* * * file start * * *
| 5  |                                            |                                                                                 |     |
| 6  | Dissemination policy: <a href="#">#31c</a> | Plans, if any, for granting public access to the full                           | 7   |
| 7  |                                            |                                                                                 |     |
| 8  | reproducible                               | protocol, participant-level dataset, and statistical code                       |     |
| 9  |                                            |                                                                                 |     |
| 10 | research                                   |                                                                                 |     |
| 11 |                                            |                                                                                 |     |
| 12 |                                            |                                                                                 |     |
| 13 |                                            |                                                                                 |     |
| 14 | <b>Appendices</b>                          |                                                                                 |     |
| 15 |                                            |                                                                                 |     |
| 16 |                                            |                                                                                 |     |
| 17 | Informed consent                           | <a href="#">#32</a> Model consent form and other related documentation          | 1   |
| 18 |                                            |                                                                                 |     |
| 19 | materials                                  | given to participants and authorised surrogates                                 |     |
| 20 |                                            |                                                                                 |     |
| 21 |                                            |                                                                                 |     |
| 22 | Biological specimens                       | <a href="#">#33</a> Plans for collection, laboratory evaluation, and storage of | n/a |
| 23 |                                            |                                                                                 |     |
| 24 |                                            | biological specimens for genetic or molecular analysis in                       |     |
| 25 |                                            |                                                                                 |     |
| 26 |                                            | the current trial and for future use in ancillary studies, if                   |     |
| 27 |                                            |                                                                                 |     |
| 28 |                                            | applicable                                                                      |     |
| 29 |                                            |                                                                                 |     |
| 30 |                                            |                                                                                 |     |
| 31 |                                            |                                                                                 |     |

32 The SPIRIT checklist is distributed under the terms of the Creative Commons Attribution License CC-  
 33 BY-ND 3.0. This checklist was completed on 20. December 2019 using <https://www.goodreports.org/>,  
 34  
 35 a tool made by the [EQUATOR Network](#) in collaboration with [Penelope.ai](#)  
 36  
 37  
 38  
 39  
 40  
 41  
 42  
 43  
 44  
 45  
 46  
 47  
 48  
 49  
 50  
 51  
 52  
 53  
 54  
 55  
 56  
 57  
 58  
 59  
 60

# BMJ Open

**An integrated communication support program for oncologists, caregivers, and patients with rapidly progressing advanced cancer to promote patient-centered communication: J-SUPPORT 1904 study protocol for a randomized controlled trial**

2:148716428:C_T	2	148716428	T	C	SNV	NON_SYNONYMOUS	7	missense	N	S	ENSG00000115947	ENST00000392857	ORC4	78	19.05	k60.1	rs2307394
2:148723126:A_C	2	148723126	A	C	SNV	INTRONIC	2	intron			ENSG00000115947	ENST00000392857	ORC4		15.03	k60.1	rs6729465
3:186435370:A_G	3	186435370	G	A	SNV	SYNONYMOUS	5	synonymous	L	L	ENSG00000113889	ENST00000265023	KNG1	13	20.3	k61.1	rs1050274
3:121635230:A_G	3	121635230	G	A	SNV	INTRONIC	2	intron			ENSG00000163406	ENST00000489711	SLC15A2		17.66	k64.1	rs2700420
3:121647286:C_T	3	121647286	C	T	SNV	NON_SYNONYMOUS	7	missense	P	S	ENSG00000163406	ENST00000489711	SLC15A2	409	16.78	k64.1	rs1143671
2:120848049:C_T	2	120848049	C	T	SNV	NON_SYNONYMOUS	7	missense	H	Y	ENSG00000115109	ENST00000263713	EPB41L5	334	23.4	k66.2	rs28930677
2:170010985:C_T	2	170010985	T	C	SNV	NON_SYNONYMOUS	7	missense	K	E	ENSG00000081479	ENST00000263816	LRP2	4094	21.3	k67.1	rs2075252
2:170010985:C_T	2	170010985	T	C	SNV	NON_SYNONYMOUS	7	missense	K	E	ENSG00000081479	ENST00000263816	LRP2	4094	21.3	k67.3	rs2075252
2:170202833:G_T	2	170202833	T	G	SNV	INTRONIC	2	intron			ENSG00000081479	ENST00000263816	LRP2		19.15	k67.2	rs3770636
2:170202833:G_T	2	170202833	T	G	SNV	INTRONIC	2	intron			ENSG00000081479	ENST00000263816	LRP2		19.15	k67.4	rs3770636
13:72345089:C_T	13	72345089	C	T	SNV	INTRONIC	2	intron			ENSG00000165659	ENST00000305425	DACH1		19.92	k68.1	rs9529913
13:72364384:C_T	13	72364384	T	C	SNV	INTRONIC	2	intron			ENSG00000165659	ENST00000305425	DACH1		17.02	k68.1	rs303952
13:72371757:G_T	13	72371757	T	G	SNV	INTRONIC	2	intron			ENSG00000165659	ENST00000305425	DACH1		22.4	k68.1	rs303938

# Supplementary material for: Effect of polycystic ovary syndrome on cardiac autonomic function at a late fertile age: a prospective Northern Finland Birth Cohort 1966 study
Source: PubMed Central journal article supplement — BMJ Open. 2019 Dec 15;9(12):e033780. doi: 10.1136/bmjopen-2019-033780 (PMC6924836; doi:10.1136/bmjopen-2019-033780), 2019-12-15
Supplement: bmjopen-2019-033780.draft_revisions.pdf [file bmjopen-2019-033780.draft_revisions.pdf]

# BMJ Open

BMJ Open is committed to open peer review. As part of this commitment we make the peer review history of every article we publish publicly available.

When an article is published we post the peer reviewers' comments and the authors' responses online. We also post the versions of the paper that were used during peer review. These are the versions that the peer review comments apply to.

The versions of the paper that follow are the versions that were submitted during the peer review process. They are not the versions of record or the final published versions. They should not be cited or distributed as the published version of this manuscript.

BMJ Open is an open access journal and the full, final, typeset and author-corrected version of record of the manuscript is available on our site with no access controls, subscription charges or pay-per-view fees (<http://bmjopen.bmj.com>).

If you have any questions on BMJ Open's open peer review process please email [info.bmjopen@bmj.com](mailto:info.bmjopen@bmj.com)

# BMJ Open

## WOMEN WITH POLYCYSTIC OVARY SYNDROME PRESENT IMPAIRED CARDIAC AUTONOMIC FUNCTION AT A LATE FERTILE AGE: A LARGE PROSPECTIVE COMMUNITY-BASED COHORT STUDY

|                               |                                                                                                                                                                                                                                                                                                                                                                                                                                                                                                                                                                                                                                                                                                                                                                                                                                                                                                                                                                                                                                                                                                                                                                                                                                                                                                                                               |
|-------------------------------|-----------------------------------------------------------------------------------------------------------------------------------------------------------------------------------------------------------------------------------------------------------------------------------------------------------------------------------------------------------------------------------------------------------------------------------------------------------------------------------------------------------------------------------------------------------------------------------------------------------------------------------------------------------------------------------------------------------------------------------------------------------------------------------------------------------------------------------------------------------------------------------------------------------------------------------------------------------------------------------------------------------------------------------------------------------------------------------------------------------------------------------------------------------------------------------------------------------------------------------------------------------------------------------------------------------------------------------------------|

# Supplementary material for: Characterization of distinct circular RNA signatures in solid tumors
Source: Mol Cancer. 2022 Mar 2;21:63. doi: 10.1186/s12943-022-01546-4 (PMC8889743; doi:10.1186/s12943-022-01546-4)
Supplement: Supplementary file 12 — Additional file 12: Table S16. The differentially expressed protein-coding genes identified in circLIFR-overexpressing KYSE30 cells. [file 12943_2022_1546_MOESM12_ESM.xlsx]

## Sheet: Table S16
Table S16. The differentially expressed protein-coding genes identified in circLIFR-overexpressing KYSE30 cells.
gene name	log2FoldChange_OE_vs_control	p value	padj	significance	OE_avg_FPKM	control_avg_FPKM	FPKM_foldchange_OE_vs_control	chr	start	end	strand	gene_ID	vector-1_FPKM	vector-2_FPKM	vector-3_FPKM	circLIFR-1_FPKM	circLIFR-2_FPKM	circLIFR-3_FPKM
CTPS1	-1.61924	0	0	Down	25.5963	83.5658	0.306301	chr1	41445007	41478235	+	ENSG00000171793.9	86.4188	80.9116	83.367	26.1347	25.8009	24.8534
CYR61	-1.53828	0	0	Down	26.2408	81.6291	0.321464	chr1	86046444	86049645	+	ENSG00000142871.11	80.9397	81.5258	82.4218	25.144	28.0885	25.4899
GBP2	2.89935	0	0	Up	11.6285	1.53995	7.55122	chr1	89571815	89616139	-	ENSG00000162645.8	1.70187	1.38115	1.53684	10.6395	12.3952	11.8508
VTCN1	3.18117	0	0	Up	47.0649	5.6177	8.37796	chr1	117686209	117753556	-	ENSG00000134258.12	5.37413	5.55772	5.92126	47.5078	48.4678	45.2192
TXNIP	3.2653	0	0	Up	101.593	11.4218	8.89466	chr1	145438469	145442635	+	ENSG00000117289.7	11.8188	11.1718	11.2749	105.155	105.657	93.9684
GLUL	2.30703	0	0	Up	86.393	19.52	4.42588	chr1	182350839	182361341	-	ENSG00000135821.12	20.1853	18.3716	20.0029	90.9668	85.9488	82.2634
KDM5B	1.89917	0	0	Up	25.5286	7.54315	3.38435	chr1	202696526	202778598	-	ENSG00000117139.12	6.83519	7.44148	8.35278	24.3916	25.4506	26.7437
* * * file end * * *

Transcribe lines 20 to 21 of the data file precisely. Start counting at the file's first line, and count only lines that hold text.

| 24 |                                            | biological specimens for genetic or molecular analysis in                       |     |
| 25 |                                            |                                                                                 |     |